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In the palace gardens, surrounded by flowers and birds and beauty, Torin met the King of Arden to discuss a war.

"Torin!" said the king, walking down a garden path. "It's good to see you, son."

Despite the welcoming words, no warmth filled Ceranor's voice. His face remained hard, the lips down turned in a perpetual frown, the eyes cold and black. Torin knew to expect this; his father had often told tales of how King Ceranor never laughed, never smiled, never drank, and never seemed to enjoy anything but a good scowl. Torin had not seen the man in years, not since the king had visited Fairwool-by-Night for Teramin Greenmoat's funeral. Aside from a little more gray in his hair, he hadn't changed.

He wasn't much older than me when my father saved his life, Torin reflected. He could have died in the snow decades ago, skull shattered by a Verilish hammer. And yet this man lives on, and my father lies dead.

Torin made to kneel, but Ceranor grabbed his shoulders, tugged him up, and gripped his arm. He nodded firmly.

"Come now, you need not kneel before me," he said. "I am a king now and you a gardener, but we are both soldiers at heart."

Torin wasn't so sure about that, but he only bowed his head. "Your Highness, it's good to see you too."

The king scrutinized him. "You've grown since I last saw you. You look like your father."

Torin laughed weakly. "My father, they said, stood taller than every man in Arden's army. I'm short and too thin." His laughter died, and he took a deep breath. "Your Highness, I have so much to say. I came here as fast as I could. I . . ."

He didn't know where to start. So many words rose in his mouth they jammed, leaving him speechless. Should he begin by accusing Ferius of masterminding a war? Should he argue for peace? Should he plead that the king send men to free Bailey from the dungeon?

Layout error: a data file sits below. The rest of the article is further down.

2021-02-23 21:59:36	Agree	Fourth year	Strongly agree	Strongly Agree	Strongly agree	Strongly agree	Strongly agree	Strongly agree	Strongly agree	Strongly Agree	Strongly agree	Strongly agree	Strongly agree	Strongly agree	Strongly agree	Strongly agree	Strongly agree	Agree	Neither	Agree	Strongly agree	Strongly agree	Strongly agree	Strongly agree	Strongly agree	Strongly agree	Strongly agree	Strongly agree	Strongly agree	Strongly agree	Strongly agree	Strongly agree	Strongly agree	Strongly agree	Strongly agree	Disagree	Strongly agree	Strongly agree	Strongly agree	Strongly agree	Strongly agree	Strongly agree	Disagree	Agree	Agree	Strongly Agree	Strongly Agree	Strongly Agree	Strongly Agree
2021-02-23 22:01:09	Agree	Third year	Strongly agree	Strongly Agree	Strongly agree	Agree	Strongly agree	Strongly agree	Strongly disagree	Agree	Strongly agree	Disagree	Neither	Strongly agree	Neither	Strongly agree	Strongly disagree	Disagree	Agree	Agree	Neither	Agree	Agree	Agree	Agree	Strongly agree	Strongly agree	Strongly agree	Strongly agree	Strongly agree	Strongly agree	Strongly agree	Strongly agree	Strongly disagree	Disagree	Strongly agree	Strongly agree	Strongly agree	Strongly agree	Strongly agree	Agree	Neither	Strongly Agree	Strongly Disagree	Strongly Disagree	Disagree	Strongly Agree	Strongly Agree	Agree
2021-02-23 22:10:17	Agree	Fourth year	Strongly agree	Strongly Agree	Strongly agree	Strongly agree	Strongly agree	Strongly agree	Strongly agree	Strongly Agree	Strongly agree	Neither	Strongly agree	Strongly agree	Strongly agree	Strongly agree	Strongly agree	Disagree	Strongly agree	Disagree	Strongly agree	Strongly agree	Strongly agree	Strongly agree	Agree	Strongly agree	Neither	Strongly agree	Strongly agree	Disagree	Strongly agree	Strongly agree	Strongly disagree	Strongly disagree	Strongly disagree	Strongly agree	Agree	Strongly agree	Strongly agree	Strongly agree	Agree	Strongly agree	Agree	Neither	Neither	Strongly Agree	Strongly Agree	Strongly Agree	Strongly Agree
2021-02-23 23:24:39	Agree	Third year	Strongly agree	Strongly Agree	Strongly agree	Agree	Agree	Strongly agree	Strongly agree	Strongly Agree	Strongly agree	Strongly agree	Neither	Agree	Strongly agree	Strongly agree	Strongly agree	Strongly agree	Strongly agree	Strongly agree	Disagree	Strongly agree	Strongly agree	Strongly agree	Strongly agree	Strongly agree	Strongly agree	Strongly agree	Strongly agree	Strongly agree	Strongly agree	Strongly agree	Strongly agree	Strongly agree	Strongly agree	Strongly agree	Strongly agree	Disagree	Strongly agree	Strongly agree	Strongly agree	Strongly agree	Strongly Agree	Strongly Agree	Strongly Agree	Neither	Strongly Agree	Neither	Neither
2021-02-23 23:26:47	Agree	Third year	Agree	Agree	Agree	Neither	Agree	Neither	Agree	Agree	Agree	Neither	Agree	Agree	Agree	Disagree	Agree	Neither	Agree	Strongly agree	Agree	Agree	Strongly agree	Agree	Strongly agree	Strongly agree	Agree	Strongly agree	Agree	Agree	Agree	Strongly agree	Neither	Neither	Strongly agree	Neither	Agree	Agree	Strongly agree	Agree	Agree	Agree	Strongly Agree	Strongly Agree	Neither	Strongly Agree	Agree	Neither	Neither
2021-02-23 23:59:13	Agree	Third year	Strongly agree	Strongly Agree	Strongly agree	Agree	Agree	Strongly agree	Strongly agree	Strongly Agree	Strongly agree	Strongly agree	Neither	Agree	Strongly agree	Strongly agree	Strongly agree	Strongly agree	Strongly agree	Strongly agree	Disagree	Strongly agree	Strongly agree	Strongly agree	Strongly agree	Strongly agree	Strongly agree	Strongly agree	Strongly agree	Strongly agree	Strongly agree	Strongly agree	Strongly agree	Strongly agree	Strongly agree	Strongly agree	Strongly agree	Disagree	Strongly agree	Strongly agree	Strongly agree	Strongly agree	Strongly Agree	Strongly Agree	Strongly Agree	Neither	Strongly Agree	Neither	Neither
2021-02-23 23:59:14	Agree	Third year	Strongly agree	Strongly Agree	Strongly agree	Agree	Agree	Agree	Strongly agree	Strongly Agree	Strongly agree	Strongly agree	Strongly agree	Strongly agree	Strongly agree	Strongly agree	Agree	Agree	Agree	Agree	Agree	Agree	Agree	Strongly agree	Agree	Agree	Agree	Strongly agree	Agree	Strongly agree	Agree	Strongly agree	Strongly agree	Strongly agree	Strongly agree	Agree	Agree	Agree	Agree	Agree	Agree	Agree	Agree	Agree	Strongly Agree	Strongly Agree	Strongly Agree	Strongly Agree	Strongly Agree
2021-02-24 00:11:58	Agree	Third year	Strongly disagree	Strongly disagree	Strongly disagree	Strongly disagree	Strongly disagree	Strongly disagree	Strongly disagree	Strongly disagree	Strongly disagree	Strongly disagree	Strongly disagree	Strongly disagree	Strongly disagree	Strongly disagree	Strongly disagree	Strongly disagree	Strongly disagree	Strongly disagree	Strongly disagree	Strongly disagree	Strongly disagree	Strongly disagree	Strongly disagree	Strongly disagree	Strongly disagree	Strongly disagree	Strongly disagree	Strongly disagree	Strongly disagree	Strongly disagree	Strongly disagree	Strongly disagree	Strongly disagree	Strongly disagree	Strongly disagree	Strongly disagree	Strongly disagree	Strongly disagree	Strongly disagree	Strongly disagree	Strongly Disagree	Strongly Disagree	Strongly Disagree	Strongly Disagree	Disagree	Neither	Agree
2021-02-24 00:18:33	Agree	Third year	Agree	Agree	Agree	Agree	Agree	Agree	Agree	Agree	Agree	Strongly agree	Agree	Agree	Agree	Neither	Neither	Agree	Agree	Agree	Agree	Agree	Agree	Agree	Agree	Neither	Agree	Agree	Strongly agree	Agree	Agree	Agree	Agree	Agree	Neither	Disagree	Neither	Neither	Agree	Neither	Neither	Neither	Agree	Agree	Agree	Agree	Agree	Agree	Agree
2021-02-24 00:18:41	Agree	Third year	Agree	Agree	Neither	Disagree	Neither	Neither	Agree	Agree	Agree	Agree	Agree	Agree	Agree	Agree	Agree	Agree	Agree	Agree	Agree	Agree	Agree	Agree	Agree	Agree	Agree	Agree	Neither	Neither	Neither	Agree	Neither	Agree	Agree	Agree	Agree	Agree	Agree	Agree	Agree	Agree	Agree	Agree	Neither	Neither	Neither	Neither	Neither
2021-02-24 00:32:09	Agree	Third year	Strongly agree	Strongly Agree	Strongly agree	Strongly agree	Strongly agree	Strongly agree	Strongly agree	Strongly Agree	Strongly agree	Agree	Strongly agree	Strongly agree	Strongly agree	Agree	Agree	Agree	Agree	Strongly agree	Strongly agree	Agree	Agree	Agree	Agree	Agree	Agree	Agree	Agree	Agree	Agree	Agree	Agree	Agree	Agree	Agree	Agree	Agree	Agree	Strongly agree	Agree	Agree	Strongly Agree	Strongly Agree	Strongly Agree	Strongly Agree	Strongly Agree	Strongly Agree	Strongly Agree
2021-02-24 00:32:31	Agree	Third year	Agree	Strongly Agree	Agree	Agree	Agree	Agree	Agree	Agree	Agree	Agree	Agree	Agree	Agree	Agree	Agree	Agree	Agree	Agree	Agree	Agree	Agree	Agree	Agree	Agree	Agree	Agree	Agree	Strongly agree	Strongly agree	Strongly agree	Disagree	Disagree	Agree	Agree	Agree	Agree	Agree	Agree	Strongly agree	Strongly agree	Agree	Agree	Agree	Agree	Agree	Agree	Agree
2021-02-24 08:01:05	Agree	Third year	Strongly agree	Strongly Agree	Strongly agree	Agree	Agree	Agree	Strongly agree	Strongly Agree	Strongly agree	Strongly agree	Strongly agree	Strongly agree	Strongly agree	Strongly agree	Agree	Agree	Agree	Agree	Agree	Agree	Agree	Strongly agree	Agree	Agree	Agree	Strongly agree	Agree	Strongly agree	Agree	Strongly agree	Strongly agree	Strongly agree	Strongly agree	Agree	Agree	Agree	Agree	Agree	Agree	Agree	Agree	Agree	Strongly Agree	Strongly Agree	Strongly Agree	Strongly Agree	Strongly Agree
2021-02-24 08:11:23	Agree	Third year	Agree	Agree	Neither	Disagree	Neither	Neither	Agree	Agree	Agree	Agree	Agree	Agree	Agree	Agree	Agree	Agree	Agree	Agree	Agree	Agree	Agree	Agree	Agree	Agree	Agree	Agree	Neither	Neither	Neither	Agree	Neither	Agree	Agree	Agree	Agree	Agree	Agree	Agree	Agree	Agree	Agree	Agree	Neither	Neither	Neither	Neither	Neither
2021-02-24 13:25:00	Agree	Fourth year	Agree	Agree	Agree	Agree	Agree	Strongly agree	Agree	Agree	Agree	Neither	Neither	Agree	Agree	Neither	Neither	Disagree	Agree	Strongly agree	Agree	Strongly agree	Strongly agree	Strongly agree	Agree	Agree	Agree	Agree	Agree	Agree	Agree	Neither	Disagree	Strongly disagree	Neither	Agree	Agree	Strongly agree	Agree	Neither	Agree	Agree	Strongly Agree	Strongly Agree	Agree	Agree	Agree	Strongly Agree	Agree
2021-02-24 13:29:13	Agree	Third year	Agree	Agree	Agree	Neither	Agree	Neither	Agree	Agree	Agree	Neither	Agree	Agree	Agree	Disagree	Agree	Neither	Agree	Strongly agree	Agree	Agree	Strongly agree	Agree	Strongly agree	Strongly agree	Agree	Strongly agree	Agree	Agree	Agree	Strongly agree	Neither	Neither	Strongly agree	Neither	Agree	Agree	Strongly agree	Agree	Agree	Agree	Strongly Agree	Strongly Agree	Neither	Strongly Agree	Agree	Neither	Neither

"I know, son," Ceranor said. "You don't have to speak. I know why you're here." The king sighed and they began walking down a pebbly path between hedges. "I know of your friend Bailey. I know of your conflict with Ferius. I know of what happened at Fairwool-by-Night. We'll sort this mess out."

Torin blurted out, "What happened at Fairwool could have been avoided. I don't know what Ferius told you, but I know what I saw. The man is a snake. He goaded the Elorians again and again like a man goads a war dog before a fight. He lusts for war; all his work in our village has been to start one. My king, war need not happen. We can still achieve peace with the Elorians."

The king stopped by a hedge of peonies, watching a bumblebee fly from flower to flower. "Torin, war is already upon us. I've met with the other Sunlit Kings here in our city, and we've all agreed: The threat of Eloria must finally be dealt with." He turned his cold, hard eyes upon Torin. "We will march into their darkness and we will defeat them. This cannot be avoided."

Torin froze. He couldn't even gasp. All the greenery, flowers, and beauty around him darkened. He felt as if he stood back in the dusk.

"My king!" he said. "You cannot do this! I've seen an Elorian. I've fought one. I know we can make peace with them. Don't let Ferius poison your mind--"

"My mind is my own," the king said sternly, but then his voice softened. "Torin, son, I hate war more than anyone. I have fought wars before. I fought in the snows of Verilon with your father. I fought the Nayans in their southern jungles. I fought the Magerians, the most ruthless of our enemies, in these very gardens. I do not lust for battle, but neither will I fear one. Your father fought bravely as well; he did not fear to fight."

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